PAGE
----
Mosbrucker’s latest proposal also passed both chambers of the Legislature last week. HB 1571 will enable family members to visit the place where an Indigenous relative’s body is found, once investigators have signed off.

The state patrol’s “tribal liaisons will connect with the family and say, ‘we have a loved one, we’re very sorry, would you like to come pray over the body before we move it,’” Mosbrucker said.

Her bill will also pilot new centers for trafficking victims to receive wraparound services.

“What the tribes asked for was a ‘serenity house’ if you will, that would just be a safe place with security of some sort to make sure the trafficker didn’t come back," Mosbrucker said.

caption: Mary Davis-Johnson, left, her sister Gerry Davis and their niece. Mary disappeared from the Tulalip reservation in November, 2020.
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Mary Davis-Johnson, left, her sister Gerry Davis and their niece. Mary disappeared from the Tulalip reservation in November, 2020.
Credit: Photo courtesy of Nona Blouin

Navigating the legal system

Each new law, plus a recently launched state task force, is trying to address the barriers that can make it harder to report, investigate and solve these missing persons cases.

Like the case of Mary Davis-Johnson, a member of the Tulalip Tribes who was last seen in November 2020.

Mary’s sisters, Gerry Davis and Nona Blouin, have spearheaded the attempts to find Mary, who was estranged from her husband and attempting to meet someone who had agreed to give her a ride when she disappeared. Gerry Davis said she’s tormented by questions like, “Did somebody take her? Did somebody traffic her?”

There’s now a $60,000 reward for information in her case, offered by the Tulalip Tribes and the FBI. The sisters said interest in Mary’s case benefited from the media focus on non-Native cases like Gabby Petito, a white woman who was likely killed by her partner on a road trip last summer. That coverage prompted an outcry on social media over the lack of attention for missing Indigenous women, and more urgency around Mary’s case.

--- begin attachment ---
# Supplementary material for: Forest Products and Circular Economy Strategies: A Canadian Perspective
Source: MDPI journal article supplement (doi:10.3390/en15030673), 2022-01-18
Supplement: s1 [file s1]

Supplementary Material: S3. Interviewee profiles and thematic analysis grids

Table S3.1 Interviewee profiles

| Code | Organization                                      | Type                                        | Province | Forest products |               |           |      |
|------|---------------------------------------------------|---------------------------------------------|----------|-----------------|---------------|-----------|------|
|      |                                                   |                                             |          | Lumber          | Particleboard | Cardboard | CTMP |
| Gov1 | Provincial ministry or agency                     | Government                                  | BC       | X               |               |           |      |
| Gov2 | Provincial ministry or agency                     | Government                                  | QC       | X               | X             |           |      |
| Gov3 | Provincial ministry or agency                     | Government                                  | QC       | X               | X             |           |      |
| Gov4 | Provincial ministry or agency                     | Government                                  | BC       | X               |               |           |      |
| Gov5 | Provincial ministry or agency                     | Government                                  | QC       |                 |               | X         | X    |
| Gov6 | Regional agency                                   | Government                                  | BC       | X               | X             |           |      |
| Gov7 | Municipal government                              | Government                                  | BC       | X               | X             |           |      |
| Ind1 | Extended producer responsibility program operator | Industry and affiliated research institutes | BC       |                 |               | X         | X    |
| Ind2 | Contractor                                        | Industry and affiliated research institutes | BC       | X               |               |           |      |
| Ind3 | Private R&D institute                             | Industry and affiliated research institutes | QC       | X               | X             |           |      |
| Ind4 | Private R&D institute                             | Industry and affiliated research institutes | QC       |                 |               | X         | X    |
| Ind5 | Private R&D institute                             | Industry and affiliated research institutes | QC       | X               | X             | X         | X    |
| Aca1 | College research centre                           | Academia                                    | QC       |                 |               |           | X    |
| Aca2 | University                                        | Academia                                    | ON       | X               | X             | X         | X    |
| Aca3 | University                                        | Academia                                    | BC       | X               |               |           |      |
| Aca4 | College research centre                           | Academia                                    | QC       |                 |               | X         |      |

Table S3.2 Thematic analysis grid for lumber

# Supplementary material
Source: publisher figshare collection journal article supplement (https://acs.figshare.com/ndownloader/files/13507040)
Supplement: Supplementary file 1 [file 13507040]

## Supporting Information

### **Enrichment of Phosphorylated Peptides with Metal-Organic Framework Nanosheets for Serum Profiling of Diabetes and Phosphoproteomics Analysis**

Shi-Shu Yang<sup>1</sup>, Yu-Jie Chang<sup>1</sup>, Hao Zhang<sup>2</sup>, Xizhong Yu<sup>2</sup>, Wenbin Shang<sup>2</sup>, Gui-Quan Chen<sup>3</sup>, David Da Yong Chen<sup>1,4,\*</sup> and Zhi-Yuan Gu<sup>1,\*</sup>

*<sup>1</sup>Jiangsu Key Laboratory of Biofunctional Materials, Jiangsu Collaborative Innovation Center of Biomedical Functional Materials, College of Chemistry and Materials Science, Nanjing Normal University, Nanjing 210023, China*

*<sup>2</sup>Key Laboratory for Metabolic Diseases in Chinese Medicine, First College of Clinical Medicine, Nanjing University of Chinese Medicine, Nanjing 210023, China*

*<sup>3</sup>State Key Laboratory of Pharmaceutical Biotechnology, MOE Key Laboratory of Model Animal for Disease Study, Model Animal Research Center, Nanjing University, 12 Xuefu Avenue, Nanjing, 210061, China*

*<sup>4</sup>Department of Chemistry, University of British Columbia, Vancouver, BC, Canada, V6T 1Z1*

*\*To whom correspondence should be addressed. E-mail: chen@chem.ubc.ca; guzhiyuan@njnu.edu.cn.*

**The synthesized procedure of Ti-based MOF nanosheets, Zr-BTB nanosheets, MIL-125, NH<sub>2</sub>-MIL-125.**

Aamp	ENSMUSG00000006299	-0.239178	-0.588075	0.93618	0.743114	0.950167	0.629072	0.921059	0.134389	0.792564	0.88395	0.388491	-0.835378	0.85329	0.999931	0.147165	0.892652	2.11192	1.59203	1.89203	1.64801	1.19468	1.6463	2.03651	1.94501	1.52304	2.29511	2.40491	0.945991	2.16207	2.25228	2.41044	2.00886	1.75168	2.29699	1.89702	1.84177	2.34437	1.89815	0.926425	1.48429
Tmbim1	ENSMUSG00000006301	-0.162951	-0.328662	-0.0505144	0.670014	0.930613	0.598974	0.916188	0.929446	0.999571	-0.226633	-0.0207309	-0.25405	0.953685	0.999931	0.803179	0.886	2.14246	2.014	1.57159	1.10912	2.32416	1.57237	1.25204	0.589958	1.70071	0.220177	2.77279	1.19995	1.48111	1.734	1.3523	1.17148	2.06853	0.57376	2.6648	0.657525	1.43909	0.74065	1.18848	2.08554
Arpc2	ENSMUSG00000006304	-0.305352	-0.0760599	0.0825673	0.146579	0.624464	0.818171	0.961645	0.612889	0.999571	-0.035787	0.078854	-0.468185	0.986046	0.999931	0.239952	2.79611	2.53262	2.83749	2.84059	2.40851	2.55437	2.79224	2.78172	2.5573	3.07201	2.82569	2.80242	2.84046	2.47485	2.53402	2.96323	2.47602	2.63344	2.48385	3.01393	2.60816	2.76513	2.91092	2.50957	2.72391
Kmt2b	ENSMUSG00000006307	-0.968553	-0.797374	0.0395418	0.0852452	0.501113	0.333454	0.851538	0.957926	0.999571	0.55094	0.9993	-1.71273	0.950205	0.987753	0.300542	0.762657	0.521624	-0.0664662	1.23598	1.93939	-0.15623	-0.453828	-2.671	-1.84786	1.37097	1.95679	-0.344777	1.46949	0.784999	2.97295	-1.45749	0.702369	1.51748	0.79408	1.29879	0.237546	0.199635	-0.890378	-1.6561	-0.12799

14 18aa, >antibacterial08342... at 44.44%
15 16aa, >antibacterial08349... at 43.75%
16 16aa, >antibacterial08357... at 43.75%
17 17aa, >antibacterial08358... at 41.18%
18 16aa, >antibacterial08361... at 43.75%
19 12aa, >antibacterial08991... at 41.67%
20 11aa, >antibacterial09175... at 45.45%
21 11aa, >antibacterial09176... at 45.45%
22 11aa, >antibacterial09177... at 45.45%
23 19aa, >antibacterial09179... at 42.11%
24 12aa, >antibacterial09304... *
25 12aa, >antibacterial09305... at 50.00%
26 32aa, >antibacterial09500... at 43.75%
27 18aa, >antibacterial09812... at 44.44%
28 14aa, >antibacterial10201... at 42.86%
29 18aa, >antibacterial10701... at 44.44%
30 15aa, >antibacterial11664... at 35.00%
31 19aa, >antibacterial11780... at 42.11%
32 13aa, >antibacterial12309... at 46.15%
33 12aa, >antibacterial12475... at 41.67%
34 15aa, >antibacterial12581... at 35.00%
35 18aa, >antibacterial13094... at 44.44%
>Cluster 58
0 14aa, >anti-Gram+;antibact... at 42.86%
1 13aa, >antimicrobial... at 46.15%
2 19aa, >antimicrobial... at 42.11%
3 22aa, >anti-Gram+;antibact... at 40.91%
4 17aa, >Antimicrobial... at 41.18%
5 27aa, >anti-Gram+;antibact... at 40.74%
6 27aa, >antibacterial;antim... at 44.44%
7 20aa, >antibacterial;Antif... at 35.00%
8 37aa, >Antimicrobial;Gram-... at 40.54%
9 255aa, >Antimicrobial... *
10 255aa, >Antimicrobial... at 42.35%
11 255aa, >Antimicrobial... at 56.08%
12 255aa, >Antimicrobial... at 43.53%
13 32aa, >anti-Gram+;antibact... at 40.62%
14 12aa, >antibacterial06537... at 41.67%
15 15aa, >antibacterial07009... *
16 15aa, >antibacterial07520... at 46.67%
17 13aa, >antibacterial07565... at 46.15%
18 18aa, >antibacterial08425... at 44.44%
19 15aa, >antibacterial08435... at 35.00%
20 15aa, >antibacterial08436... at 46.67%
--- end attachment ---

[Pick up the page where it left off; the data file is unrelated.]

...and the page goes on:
But Blouin said Mary’s case faces two common barriers that can make cataloguing and solving it more difficult.

One is, Mary was last seen on the reservation, which affects which law enforcement agencies have jurisdiction to investigate.

"The FBI can help, but other organizations such as a sheriff’s department can’t because they can’t cross that, even if they wanted to help. It’s very complicated,” Blouin said.

Blouin also said their ancestry could prevent Mary from being counted as a missing Indigenous person at all. Having more than one racial identity can mean that none of them are reflected in standard data about crime victims.

“We are half Native American and half White," she said. "Or I guess the proper term would be French-Canadian.”

Missing Indigenous people

Abigail Echo-hawk is Executive Vice President of the Seattle Indian Health Board. Her studies have formed the basis for many of Washington state’s new laws and policy changes. Echo-hawk said she’s training law enforcement agencies — including federal agencies — in how to seek and enter more complete data to reflect racial identity.